Reframing Speech to Empower Safe Spaces 


30 August 2023 

Researcher and Writer: Tobey Fhar Isaac B. Calayo
Reviewer: Azie Marie Liban
Editor: K Ballesteros   
Moderator: Tobey Fhar Isaac B. Calayo
Graphic Artists: Jia Moral, Ian Stephen Velez

Reframing one’s speech requires understanding language – how it is formed and how people use it.  Stigma is not exclusively a mental health issue, and it is also an issue of language – how it is permeated, words act as a gate, either as a motivator or a barrier towards seeking help [7]. 

Words in our brain process in tones and context. These words can develop in a cultural bubble of shared meaning in social contexts, and while this may appear traditional, they can still be too emotionally charged for use in modern and progressive contexts [7]. 


We should avoid [7]: 

  • Calling someone who is clean, tidy, and organized as someone who lives with OCD – this is not the same as living with the condition.
  • Calling someone who experiences natural and daily mood changes as someone with bipolar disorder.
  • Describing our feelings by saying ‘I’m depressed’ when our mood leans towards sadness, the natural feeling of being sad is not immediately living with depression. 
  • Calling someone anorexic when there are obvious weight changes diminishes the complexity of eating disorders people experience everyday. 
  • Calling someone psycho for naturally losing temper in difficult and pressing situations. 
  • Calling someone insane or hysterical for a valid upsetting cause. 

The goal is to use language to help people drive to their goals and to make the path clearer for them. Some words are outdated, while some are preferred over others. Like Mark Twain said, “the difference between the right word and the almost right word is the difference between lightning and the lightning bug.” 


Language is a powerful tool that helps us contextualize and visualize the world around us; it gives us the capacity to communicate information and feelings. When talking about mental health, we need to be cautious and always keep in mind how our receivers understand the message [1]. 


People can also reframe the way they speak to become more empathetic.  For example: for people who experience losing their temper over things naturally, it is easier to connect with them by validating the reason for their upset feelings. Listening and accepting help the most [12]. 


People can either use person-first language or identity-first language [1]: 


Person-First Language focuses on their abilities rather than their limitations, which means that language centers the individual before their condition.  For example:  rather than calling someone depressed, in person-first or person-centered language, one may call them ‘a person who lives with depression.’ This humanizes the person and removes pre-connotations about their condition, thus reducing all-together possible stigma [9]. This promotes autonomy and a more positive identity [10].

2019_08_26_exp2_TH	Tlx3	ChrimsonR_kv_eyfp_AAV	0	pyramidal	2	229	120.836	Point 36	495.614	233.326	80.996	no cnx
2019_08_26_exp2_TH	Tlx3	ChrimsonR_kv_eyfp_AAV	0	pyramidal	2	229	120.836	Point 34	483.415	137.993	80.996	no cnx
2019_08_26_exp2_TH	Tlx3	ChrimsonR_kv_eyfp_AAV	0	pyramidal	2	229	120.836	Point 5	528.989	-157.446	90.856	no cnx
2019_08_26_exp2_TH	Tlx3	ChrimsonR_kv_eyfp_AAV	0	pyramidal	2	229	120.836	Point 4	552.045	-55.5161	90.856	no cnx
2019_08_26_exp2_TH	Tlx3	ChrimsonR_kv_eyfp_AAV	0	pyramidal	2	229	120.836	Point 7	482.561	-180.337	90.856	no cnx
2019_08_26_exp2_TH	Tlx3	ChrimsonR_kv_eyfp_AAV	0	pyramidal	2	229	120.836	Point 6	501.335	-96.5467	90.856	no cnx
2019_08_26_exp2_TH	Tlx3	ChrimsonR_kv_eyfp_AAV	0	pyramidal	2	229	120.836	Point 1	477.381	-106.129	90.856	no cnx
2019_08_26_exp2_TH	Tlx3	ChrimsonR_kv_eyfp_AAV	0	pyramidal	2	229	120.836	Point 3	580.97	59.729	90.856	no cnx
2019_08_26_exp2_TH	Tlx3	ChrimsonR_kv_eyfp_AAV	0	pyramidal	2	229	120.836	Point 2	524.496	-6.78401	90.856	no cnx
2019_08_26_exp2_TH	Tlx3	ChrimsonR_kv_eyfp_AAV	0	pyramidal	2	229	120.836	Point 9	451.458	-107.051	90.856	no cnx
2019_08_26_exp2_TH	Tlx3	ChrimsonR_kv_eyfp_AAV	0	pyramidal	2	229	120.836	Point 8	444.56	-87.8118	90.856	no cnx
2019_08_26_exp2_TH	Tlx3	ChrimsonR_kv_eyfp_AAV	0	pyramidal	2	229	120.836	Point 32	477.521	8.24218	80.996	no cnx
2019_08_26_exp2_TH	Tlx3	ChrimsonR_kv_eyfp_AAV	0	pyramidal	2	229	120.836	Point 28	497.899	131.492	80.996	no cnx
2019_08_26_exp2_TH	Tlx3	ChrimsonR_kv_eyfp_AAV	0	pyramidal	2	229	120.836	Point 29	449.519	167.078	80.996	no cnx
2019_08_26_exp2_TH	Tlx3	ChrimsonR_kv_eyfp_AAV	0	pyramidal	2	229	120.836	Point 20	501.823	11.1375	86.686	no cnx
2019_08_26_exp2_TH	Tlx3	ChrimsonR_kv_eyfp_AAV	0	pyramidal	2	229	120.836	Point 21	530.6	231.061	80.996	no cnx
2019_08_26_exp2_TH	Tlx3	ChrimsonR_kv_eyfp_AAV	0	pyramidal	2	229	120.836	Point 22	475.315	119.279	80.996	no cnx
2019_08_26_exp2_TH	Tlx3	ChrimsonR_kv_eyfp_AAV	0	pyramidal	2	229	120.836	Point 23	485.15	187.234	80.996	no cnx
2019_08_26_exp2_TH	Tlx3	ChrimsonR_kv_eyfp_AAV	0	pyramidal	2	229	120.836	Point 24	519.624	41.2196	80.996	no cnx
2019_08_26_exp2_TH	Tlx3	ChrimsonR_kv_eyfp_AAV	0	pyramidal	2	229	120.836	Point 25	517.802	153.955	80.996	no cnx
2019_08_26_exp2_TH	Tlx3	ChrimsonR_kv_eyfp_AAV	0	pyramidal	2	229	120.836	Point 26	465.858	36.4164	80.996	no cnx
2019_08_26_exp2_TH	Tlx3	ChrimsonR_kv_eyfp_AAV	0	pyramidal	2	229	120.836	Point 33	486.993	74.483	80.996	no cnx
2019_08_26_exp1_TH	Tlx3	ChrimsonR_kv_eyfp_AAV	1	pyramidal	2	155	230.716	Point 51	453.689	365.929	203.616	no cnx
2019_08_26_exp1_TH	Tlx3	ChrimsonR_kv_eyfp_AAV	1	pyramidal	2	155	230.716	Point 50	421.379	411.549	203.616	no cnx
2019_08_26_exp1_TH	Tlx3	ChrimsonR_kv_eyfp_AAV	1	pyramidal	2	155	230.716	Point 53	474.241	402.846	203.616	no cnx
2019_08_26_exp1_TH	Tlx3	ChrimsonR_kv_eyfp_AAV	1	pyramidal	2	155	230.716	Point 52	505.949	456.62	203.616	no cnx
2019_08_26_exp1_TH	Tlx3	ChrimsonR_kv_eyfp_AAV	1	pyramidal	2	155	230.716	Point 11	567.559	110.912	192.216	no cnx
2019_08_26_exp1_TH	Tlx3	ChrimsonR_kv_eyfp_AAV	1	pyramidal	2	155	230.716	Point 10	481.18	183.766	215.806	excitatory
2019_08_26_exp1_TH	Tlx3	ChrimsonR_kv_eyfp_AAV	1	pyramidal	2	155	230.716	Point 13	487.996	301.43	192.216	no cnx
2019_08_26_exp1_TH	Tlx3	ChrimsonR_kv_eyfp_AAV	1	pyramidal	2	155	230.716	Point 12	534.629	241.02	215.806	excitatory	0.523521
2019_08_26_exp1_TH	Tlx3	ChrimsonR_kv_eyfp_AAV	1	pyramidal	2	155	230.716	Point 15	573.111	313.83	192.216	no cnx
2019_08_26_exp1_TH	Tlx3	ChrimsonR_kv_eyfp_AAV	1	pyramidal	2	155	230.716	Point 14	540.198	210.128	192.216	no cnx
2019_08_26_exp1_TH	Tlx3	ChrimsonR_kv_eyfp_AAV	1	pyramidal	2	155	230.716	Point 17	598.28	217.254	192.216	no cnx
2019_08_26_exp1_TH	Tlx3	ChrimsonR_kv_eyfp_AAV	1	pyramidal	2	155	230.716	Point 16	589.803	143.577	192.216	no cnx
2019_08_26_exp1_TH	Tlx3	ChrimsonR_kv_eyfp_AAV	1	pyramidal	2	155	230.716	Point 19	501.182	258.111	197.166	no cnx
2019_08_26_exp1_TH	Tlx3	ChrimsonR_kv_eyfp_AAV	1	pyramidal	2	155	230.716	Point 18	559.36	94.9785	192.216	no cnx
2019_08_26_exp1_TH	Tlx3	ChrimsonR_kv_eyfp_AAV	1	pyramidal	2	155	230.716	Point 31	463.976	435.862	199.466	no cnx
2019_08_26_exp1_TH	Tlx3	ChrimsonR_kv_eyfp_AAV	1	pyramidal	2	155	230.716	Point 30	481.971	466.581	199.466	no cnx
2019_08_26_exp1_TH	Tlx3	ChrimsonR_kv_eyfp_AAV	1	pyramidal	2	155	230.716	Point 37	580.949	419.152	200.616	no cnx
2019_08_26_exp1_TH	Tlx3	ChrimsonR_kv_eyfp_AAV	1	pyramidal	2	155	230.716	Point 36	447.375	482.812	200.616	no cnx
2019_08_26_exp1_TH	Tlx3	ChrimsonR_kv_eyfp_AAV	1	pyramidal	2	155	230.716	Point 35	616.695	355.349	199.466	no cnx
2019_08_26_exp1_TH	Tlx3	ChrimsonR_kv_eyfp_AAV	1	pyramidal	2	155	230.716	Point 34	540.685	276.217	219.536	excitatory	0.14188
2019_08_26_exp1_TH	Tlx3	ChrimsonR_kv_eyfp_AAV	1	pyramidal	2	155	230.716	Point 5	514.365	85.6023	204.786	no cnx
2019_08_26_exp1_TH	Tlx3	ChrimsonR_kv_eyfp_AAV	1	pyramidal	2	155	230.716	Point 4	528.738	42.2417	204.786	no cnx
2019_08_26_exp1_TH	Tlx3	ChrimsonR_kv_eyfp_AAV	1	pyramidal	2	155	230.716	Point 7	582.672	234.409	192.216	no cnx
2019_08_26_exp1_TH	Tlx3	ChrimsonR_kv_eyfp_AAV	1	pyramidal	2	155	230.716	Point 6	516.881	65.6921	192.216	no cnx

On the other hand, some people with mental health conditions may prefer Identity-First language. Some people who have developed groups and identities around their condition have advocated for using Identity-First Language for certain conditions and disabilities, as their uniqueness is central to their identity.  People in rehabilitation often use identity-first language as their mental health condition is prominent to their identity [1]; however, the usage of this language use is also a political matter. People in other countries often would use ‘disabled persons’ to account for debilitating governance towards them by society and the community. Their disability is not a notion of their physical or emotional limitation and is not pathological — however, it signifies how their country or how laws disable them from their rights [11][1]. 


Using either person-first language or identity-first language is complex.  The people whose lives are attached to the conditions should always be considered; your audience also needs to be considered when speaking. Language communication of people living with conditions means that we want to capture their lives and experiences. The main priority is their own preference: a person can always ask and research beforehand to better contextualize communities of people. 

Session Questions: 

  1. What conversational language advice can you share that has helped in your daily life? 
  2. How can we use proper language to respectfully talk about mental health in the community?
  3. What policy changes do we need in our spaces of livelihood or in our communities to gear towards inclusive language in community-building?


[1] Hogg Foundation for Mental Health
No Date
Language Matters in Mental Health 


[2] American Psychiatry Association 
No Date 
Words Matter: Reporting Mental Health Conditions 

[3] Daniel Weaver
September 28, 2016 
The Language of Safe Spaces 

[4] Nicole Cardoza
December 1, 2019 
Reframing Language Around Safety and Acceptance in Studios and Classrooms 

[5] Travis Marsh
No Date
Using Conscious Language to Build Spaces 

[6] Carly Spina
July 23, 2021
Creating & Nurturing Linguistically Inclusive Spaces 

[7] Mental Health Foundation
May 2, 2019 
Why the language we use to describe mental health matters 

[8] Shannon Wooldridge, National Institute of Health
April 12, 2023
Writing Respectfully: Person-First and Identity-First Language 

[9] Future Learn
Person-first or Identity-first? 

[10] KidSense Therapy Group
No Date
An Evolving Mindset: Person-First vs Identity-First Language 

No Date
Reasonable Adjustments for Disabled Workers 

[12] Mind Org UK 
No Date


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